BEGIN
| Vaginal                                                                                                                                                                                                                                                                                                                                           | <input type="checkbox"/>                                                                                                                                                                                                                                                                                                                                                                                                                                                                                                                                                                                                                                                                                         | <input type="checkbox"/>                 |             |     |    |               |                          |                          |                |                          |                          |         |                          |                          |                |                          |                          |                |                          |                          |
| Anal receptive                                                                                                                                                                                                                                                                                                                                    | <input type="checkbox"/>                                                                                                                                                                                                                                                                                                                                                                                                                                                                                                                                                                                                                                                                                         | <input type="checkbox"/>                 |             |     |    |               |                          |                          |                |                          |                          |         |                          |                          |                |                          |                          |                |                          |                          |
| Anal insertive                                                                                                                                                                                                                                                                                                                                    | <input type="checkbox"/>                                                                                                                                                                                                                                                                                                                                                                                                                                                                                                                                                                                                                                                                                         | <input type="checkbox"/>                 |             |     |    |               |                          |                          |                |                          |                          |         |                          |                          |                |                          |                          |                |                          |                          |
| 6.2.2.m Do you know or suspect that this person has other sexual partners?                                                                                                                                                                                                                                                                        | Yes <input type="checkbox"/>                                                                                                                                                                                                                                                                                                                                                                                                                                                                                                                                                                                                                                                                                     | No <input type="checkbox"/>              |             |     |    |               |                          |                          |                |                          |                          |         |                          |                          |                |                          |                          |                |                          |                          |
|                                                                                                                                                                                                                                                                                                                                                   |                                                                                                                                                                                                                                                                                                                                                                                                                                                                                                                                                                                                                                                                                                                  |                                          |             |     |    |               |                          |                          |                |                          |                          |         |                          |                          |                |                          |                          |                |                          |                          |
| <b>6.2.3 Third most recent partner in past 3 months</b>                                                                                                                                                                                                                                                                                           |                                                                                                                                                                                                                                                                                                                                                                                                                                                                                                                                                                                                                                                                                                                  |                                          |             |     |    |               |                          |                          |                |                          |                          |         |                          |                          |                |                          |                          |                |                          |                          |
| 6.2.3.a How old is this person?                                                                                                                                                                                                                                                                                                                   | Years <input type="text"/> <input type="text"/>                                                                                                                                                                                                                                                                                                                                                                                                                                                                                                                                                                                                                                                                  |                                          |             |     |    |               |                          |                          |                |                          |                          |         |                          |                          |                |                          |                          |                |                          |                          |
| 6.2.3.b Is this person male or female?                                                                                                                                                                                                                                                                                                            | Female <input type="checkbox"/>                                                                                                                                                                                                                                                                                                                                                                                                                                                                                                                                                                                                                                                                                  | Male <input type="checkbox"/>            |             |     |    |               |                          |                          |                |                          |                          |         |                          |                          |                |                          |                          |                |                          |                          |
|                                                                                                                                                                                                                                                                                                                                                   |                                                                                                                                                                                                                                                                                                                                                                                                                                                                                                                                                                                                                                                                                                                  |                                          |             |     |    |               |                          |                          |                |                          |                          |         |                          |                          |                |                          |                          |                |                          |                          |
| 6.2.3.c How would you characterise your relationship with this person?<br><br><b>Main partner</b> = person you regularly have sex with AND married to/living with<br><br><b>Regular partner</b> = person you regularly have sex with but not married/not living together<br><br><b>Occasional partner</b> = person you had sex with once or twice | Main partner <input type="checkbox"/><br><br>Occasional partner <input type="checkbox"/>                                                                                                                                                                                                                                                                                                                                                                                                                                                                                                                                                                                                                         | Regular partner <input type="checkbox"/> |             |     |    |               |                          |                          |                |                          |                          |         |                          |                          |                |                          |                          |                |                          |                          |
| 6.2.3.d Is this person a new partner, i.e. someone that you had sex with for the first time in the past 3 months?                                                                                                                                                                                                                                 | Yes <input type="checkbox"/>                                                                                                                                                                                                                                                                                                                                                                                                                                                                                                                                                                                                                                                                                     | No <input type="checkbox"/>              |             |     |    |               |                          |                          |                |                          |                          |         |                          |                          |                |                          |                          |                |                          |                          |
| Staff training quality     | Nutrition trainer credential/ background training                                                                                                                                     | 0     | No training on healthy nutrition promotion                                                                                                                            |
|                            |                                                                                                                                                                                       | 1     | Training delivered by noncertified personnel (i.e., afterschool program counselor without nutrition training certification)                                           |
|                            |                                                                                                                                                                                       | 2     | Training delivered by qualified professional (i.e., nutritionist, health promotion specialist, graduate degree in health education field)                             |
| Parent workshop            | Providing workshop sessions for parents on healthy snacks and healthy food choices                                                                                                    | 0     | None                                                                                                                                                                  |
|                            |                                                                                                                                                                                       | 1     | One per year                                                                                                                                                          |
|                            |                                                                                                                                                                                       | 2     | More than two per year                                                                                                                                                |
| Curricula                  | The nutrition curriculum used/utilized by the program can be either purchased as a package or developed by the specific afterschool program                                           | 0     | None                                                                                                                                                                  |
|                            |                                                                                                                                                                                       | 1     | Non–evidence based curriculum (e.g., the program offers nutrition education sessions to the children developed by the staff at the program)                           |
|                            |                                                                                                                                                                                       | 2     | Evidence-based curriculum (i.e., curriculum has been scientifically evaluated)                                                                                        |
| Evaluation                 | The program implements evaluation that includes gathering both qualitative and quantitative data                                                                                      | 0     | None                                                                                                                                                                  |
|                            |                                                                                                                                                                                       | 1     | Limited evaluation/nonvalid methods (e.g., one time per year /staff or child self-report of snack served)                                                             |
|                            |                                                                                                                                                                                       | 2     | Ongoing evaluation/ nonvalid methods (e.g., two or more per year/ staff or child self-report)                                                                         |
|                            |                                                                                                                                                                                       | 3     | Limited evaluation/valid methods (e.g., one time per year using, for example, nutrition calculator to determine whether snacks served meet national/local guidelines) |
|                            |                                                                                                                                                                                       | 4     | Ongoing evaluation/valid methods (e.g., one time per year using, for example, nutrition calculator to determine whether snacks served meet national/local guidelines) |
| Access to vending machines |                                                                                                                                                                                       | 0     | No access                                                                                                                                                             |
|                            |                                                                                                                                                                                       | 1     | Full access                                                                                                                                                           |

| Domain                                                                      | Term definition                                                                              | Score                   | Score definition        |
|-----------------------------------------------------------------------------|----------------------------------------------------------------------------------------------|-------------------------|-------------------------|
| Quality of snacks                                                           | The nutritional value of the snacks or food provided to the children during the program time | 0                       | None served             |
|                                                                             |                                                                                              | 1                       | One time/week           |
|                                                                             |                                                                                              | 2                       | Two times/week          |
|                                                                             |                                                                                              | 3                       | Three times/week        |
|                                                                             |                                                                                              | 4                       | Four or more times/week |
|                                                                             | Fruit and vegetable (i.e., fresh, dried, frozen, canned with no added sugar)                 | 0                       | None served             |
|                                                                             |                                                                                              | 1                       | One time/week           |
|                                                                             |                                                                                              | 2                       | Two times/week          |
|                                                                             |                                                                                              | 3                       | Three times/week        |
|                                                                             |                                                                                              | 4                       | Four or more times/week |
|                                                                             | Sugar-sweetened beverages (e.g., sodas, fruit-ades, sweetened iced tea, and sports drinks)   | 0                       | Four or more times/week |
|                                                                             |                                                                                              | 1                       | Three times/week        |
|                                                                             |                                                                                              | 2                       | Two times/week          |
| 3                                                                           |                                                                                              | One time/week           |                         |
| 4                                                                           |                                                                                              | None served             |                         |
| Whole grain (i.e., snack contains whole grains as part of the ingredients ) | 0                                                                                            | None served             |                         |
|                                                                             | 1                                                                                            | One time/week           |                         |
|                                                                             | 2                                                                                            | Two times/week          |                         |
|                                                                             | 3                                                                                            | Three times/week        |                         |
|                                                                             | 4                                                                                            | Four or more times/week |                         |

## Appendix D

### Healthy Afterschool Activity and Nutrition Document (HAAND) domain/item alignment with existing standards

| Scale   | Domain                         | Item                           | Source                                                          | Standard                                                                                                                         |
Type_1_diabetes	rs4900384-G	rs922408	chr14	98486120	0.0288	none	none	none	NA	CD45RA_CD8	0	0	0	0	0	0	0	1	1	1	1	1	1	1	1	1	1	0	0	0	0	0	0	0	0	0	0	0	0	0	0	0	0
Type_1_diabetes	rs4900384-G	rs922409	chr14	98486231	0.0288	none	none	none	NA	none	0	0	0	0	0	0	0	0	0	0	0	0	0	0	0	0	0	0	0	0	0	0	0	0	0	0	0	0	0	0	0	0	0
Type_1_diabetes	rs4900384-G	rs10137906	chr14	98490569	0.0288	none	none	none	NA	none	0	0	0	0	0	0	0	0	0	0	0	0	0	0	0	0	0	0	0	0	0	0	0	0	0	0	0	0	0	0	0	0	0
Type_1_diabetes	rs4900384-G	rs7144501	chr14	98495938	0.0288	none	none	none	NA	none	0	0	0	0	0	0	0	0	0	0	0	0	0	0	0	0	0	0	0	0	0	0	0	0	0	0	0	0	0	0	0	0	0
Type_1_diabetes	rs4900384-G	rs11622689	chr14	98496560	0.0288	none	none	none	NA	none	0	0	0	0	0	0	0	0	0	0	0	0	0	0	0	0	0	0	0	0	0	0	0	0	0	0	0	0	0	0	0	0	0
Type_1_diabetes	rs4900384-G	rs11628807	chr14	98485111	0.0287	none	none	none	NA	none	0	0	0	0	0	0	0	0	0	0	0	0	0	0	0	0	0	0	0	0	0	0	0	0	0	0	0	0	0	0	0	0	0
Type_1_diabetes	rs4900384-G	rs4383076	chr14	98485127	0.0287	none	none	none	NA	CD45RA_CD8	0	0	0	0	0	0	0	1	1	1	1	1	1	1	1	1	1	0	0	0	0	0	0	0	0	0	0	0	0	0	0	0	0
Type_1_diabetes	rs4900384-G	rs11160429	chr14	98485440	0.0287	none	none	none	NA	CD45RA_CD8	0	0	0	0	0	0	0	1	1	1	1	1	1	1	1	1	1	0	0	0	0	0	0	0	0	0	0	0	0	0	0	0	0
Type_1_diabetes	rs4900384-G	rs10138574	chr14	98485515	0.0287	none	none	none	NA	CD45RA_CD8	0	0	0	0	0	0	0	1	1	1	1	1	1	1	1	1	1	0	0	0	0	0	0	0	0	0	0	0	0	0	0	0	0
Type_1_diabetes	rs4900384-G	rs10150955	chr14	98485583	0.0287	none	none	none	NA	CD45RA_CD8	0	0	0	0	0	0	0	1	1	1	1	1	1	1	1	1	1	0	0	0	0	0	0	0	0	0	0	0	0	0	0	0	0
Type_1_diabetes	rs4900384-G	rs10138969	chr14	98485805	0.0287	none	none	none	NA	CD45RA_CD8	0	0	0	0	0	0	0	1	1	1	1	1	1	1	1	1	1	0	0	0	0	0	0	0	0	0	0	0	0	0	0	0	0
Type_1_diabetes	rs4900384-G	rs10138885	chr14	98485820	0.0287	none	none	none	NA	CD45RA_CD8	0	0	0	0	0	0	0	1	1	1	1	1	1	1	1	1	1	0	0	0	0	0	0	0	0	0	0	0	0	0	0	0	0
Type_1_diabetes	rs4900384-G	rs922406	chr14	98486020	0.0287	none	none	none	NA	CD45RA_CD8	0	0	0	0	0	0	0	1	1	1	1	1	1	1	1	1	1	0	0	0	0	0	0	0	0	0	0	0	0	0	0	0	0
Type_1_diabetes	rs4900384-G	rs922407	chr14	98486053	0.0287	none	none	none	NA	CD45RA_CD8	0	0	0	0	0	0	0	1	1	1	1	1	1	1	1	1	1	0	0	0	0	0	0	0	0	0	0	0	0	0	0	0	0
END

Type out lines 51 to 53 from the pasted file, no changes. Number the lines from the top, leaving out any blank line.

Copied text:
### Healthy Afterschool Activity and Nutrition Document (HAAND) domain/item alignment with existing standards

| Scale   | Domain                         | Item                           | Source                                                          | Standard                                                                                                                         |
Type_1_diabetes	rs4900384-G	rs922408	chr14	98486120	0.0288	none	none	none	NA	CD45RA_CD8	0	0	0	0	0	0	0	1	1	1	1	1	1	1	1	1	1	0	0	0	0	0	0	0	0	0	0	0	0	0	0	0	0